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Home :: Archive :: 1996 :: September ::
Re: Cleopatra; Dogberry; Non Angli, sed Angeley.
Shakespeare Electronic Conference, SHK 7.0683.  Friday, 20 September 1996.

(1)     From:   John F. Keogh <
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        Date:   Friday, 20 Sep 1996 07:36:22 +1000
        Subj:   Cleopatra

(2)     From:   David Evett <R0870%
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        Date:   Thursday 19 Sep 1996 14:20 ET
        Subj:   SHK 7.0676  Re: Pennington, Play

(3)     From:   Joanne Walen <
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        Date:   Thursday, 19 Sep 1996 20:01:05 -0400
        Subj:   Re: SHK 7.0679 Non Angli, sed Angeley.


(1)----------------------------------------------------------------------------
From:           John F. Keogh <
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Date:           Friday, 20 Sep 1996 07:36:22 +1000
Subject:        Cleopatra

My reasons for questioning Cleopatra's motives for killing herself:

As soon as Antony hears of  Cleopatra"s [supposed] death he says: "Unarm Eros,
the long days's task is done and we must sleep." and he straight away tries to
kill himself.  Life without her is nothing. Consider Cleopatra.  When Antony
dies in her arms she makes her wonderful statement:
        "The soldier's pole is fall'n: young boys and girls
        Are level now with men.  The odds is gone
        And there is nothing left remarkable
        Beneath the visiting moon"
She faints, recovers and says:
        "We'll bury him; and then what's brave, what's noble,
        Let's do it after the high Roman fashion,
        And make death proud to take us"

BUT SHE DOESN'T
1.      She sends an Egyptian to treat with Caesar.
2.      She talks to Proculeius, agreeing to meet Caesar.
3.      She allows herself to get captured and discovers from Dolabella
        that Caesar means to show her off in Rome.
4.      She has taken the time and trouble to list [falsely] her treasure.
5.      Seleucus lets her down.
6.      Caesar tries to reassure her that he will treat her well, and leaves.

Cleopatra: "He words me, girls, he words me that
            I should not be true to mysself."

Antony is not mentioned.  She is going to kill herself now not because she
wishes to rush into the arms of her dead lover but because she knows Caesar is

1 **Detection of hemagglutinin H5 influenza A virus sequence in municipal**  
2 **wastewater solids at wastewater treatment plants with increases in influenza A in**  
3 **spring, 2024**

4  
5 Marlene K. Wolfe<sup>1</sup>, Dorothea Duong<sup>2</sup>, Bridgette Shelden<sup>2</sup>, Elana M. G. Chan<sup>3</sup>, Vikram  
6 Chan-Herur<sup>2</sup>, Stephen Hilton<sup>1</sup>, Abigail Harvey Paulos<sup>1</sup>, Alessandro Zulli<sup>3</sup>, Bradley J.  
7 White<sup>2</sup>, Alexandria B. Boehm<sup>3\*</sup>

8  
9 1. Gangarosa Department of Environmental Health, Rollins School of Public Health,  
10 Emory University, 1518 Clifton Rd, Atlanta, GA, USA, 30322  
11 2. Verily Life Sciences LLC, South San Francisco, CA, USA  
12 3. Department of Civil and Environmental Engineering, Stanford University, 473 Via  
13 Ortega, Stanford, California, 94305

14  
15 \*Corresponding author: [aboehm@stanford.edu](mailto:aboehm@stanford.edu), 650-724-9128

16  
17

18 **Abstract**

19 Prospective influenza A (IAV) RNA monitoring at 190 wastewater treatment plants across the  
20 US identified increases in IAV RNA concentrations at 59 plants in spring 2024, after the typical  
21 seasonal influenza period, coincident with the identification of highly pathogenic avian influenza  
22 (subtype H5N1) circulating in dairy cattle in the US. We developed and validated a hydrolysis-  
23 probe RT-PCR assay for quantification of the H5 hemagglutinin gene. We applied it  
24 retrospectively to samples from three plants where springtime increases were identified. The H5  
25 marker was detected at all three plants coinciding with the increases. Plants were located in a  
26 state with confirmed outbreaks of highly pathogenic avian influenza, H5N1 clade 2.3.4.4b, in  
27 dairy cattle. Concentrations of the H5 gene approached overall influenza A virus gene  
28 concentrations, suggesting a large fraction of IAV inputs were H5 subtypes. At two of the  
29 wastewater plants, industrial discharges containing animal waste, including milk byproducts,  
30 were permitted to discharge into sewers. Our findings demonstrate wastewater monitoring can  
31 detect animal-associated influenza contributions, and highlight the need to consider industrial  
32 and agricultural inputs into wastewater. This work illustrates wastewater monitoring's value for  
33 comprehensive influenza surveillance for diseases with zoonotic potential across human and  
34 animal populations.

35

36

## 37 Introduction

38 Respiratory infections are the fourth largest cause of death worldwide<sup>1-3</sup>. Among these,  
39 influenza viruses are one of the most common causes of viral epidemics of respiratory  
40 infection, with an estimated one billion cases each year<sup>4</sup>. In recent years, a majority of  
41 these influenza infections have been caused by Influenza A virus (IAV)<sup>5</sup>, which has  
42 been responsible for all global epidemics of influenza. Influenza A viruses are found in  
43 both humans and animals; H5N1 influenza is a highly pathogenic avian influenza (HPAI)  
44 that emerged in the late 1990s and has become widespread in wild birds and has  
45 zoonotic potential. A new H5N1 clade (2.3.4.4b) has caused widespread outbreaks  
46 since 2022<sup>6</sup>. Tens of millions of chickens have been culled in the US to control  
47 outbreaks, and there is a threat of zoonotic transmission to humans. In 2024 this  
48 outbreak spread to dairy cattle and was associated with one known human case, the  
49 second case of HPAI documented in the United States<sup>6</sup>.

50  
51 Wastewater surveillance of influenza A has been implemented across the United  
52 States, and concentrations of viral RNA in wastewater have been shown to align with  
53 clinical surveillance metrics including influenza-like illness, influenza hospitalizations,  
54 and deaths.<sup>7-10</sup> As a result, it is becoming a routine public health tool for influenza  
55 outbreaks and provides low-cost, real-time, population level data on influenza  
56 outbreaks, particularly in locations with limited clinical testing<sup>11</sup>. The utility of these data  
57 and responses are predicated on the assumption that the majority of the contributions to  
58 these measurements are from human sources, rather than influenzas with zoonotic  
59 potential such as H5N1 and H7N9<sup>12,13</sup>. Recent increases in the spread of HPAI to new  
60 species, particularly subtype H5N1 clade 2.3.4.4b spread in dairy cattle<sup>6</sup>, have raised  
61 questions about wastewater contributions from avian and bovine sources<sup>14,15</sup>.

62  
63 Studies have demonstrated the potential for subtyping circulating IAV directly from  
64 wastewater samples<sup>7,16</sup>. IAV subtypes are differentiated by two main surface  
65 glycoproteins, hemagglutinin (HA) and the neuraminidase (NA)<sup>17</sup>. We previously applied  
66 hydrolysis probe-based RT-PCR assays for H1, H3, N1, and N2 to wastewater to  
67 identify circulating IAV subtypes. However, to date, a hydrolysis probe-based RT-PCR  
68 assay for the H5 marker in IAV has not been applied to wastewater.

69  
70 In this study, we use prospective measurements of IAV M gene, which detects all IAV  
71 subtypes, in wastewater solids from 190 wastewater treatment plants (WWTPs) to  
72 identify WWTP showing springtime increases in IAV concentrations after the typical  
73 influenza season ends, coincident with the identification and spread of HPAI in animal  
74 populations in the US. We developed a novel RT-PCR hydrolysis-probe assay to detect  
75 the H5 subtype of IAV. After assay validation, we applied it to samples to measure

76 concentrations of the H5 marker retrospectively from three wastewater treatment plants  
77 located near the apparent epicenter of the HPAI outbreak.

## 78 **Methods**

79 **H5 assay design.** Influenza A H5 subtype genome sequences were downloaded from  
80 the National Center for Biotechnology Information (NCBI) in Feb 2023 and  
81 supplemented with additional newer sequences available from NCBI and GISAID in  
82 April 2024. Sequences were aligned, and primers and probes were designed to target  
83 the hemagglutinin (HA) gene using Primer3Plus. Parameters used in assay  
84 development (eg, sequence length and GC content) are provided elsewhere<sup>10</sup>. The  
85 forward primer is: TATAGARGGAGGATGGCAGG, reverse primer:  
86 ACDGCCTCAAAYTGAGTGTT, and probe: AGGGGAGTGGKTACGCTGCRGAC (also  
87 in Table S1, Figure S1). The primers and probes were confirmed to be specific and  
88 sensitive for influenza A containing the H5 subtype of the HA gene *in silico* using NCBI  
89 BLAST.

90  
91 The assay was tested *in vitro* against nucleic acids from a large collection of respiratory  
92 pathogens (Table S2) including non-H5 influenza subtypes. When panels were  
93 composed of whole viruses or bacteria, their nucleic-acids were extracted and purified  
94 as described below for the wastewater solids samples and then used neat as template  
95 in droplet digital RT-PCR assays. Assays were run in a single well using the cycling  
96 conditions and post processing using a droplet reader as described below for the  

lying and that she WILL be led through Rome in triumph. Only as she is
preparing to die:  "I am again for Cydnus, to meet Mark Antony." does she
mention her lover.  Of course she dies wonderfully.  The sublime "Give me my
robe. . . " speech is full of Antony and her love for him and what has gone
before is overwhelmed.

Would it have ever been spoken if Dolabella had convinced her that Caesar would
let her live in peace in Egypt.  Or if she had believed Caesar? Would she not
have lived to fight and to love another day and possibly another man?

(2)----------------------------------------------------------------------------
From:           David Evett <R0870%
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Date:           Thursday 19 Sep 1996 14:20 ET
Subject: Re: Pennington, Play
Comment:        SHK 7.0676  Re: Pennington, Play

I doubt me that it's elitist to flinch before a performance (Michael Keaton's)
that turns plumb stately Dogberry into a bag, a forest full of neurotic
tics--vectoring Harry Lyme disease?  Which is by no means to sneer a priori at
movie actors' assaying Shakespearean roles--or to condone critics who do indeed
scorn performances they have not yet seen.

Twitchily,
Dave Evett

(3)----------------------------------------------------------------------------
From:           Joanne Walen <
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Date:           Thursday, 19 Sep 1996 20:01:05 -0400
Subject: 7.0679 Non Angli, sed Angeley.
Comment:        Re: SHK 7.0679 Non Angli, sed Angeley.

Tom Bishop--
>the nearest thing to a genuine contemporary cycle-play I am
>ever likely to see.

Your description of this "presentation" was pretty funny, too. But on a more
serious note, triggered by your term cycle-play, is this note that the RSC's
96-97 season at Stratford will include *Everyman* and *The Mysteries: The
Creation and The Passion*. Each of these last will be performed as a separate
play and "in the original rich and thrilling language." That, too, is an
opportunity that doesn't come around very often.

Joanne Walen
 

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